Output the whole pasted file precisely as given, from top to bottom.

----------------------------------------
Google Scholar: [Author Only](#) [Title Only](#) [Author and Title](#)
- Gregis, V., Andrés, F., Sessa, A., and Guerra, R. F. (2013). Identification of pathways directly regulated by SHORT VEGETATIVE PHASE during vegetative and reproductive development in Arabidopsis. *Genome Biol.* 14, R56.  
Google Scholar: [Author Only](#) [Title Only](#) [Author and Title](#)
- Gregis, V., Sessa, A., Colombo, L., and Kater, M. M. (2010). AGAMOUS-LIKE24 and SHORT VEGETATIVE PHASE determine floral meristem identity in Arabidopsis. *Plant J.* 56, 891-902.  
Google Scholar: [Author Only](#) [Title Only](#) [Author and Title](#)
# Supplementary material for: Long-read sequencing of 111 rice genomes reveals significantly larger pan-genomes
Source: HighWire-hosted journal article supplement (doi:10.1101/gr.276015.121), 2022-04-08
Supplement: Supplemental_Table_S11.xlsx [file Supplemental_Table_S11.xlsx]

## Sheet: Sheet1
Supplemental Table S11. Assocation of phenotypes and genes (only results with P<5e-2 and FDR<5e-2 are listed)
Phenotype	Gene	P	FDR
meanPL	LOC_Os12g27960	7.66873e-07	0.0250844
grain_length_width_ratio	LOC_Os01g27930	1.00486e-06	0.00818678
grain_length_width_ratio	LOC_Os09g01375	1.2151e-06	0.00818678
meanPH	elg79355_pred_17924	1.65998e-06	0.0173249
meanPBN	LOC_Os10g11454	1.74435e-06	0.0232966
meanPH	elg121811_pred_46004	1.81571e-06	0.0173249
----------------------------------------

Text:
Google Scholar: [Author Only](#) [Title Only](#) [Author and Title](#)
- Gregis, V., Andrés, F., Sessa, A., and Guerra, R. F. (2013). Identification of pathways directly regulated by SHORT VEGETATIVE PHASE during vegetative and reproductive development in Arabidopsis. *Genome Biol.* 14, R56.  
Google Scholar: [Author Only](#) [Title Only](#) [Author and Title](#)
- Gregis, V., Sessa, A., Colombo, L., and Kater, M. M. (2010). AGAMOUS-LIKE24 and SHORT VEGETATIVE PHASE determine floral meristem identity in Arabidopsis. *Plant J.* 56, 891-902.  
Google Scholar: [Author Only](#) [Title Only](#) [Author and Title](#)
# Supplementary material for: Long-read sequencing of 111 rice genomes reveals significantly larger pan-genomes
Source: HighWire-hosted journal article supplement (doi:10.1101/gr.276015.121), 2022-04-08
Supplement: Supplemental_Table_S11.xlsx [file Supplemental_Table_S11.xlsx]

## Sheet: Sheet1
Supplemental Table S11. Assocation of phenotypes and genes (only results with P<5e-2 and FDR<5e-2 are listed)
Phenotype	Gene	P	FDR
meanPL	LOC_Os12g27960	7.66873e-07	0.0250844
grain_length_width_ratio	LOC_Os01g27930	1.00486e-06	0.00818678
grain_length_width_ratio	LOC_Os09g01375	1.2151e-06	0.00818678
meanPH	elg79355_pred_17924	1.65998e-06	0.0173249
meanPBN	LOC_Os10g11454	1.74435e-06	0.0232966
meanPH	elg121811_pred_46004	1.81571e-06	0.0173249